Tuesday, September 30, 2008

Investors see SA as too risky

Following the post about the financial turmoil that resulted when Manuel (pronounced money-well) resigned, comes further worrying news. Bugger the plasma screen, hold on to those pennies (that's what the rand is worth) and try to ride out the storm.

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About $2.16 (R17.3) billion has flooded out of the country so far this year as foreign investors sell off stocks and continue to shun emerging markets.

It was a bit like a mouse trying to calm a herd of frightened elephants.


With both the world financial markets and South Africa's political scene in turmoil, the country's new president went on national TV Sunday promising to avoid any sharp changes in economic policy.

The morning after Kgalema Motlanthe's speech, the rand currency slid even further. Investors are shunning emerging markets as just too risky.

A speech by Reserve Bank chief Tito Mboweni on Sept. 18 starkly exposed South Africa's vulnerability to the global economic turmoil. About 18 billion rand ($2.16 billion) has flooded out of the country so far this year as foreigners sold off stocks.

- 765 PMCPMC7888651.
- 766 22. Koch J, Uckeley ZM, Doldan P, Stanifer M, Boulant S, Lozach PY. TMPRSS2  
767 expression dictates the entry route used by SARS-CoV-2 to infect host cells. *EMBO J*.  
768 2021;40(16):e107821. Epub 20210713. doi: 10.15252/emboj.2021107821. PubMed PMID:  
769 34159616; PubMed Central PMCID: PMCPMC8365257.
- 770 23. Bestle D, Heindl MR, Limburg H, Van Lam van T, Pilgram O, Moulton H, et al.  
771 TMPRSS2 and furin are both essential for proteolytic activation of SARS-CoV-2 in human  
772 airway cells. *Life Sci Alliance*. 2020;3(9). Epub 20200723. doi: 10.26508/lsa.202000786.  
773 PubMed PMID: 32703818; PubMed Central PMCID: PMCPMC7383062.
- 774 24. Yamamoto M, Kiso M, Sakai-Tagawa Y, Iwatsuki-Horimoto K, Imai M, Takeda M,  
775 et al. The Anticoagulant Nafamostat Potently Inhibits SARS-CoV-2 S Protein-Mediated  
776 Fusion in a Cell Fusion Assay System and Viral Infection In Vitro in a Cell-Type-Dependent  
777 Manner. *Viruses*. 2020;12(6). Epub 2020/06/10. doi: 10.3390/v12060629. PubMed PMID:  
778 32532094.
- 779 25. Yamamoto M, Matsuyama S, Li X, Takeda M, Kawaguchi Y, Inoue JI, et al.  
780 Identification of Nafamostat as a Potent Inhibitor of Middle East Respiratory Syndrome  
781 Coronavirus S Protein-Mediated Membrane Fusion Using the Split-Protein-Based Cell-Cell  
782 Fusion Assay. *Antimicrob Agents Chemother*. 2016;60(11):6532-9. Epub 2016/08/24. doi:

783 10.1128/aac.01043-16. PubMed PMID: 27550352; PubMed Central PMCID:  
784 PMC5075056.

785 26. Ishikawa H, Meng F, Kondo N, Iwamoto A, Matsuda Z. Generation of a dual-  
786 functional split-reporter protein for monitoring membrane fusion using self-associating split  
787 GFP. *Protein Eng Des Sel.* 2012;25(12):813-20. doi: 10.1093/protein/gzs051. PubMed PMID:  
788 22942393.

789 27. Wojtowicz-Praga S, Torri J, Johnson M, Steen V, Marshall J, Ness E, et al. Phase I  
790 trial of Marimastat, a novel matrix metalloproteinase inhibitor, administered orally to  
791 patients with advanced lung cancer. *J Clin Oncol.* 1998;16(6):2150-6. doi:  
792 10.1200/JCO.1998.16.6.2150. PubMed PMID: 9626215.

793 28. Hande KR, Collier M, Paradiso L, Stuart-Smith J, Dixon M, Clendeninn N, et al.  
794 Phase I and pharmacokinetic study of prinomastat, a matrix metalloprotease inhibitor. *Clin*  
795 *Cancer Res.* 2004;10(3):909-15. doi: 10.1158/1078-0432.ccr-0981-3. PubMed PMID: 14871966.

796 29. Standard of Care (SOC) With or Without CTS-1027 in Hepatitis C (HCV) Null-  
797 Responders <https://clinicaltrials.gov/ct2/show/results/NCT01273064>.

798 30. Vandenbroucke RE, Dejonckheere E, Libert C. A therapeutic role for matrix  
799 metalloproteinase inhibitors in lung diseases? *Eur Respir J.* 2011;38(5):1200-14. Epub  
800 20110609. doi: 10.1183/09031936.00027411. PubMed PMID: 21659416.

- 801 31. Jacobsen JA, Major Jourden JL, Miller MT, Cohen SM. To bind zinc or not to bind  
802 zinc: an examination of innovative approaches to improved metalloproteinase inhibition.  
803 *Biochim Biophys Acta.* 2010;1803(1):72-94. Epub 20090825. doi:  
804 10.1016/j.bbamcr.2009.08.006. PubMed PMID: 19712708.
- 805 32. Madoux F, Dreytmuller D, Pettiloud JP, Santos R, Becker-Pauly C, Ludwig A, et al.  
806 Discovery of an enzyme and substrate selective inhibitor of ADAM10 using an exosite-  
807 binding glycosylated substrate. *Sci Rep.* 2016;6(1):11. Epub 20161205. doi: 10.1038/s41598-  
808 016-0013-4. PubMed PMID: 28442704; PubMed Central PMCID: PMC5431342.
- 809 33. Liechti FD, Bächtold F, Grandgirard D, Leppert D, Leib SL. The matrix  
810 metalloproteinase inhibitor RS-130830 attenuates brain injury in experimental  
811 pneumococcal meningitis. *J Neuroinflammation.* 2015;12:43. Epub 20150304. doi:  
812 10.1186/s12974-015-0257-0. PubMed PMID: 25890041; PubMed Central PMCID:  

Motlanthe this month replaced President Thabo Mbeki, who was forced out by his African National Congress. Motlanthe is widely seen as a caretaker for ANC leader Jacob Zuma, who is likely to win the post in elections next year.

South Africa, an economic powerhouse in sub-Saharan Africa, exports commodities such as platinum, gold and diamonds. When the subprime crisis hit, South Africa initially weathered the storm well because its banks weren't exposed to the bad mortgage-related debt. But now it is suffering the secondary effects.

"We are seeing less capital being available in emerging markets generally and in particular South Africa," said Jac Laubscher, economist at Sanlam, a financial services group. "The fact we have a current-account deficit in excess of 7% means the financing of that current account becomes more of an issue, and there is a possibility of downward pressure on the rand."

Gold traditionally is a refuge for investors in time of turmoil, and the increase in gold prices is good for South Africa. But even more important to its economy is platinum, and its price has slumped about 50% since March.

"Platinum has overtaken gold as our most important export, and the platinum price has halved," Laubscher said, adding that increases in the gold price were unlikely to compensate.

South African gold trader Charles Leishman of Standard Bank said gold was being traded emotionally; platinum's price was falling because of weak industrial demand.

"They're actually very distinct, given the environment we're in the moment. [Platinum] is very demand driven. Gold at the moment is very emotionally driven.

"Nobody knows how long it [the global credit crisis] is going to go on for. You can inject all these billions of dollars but is that going to take the toxic sludge out of the system?"

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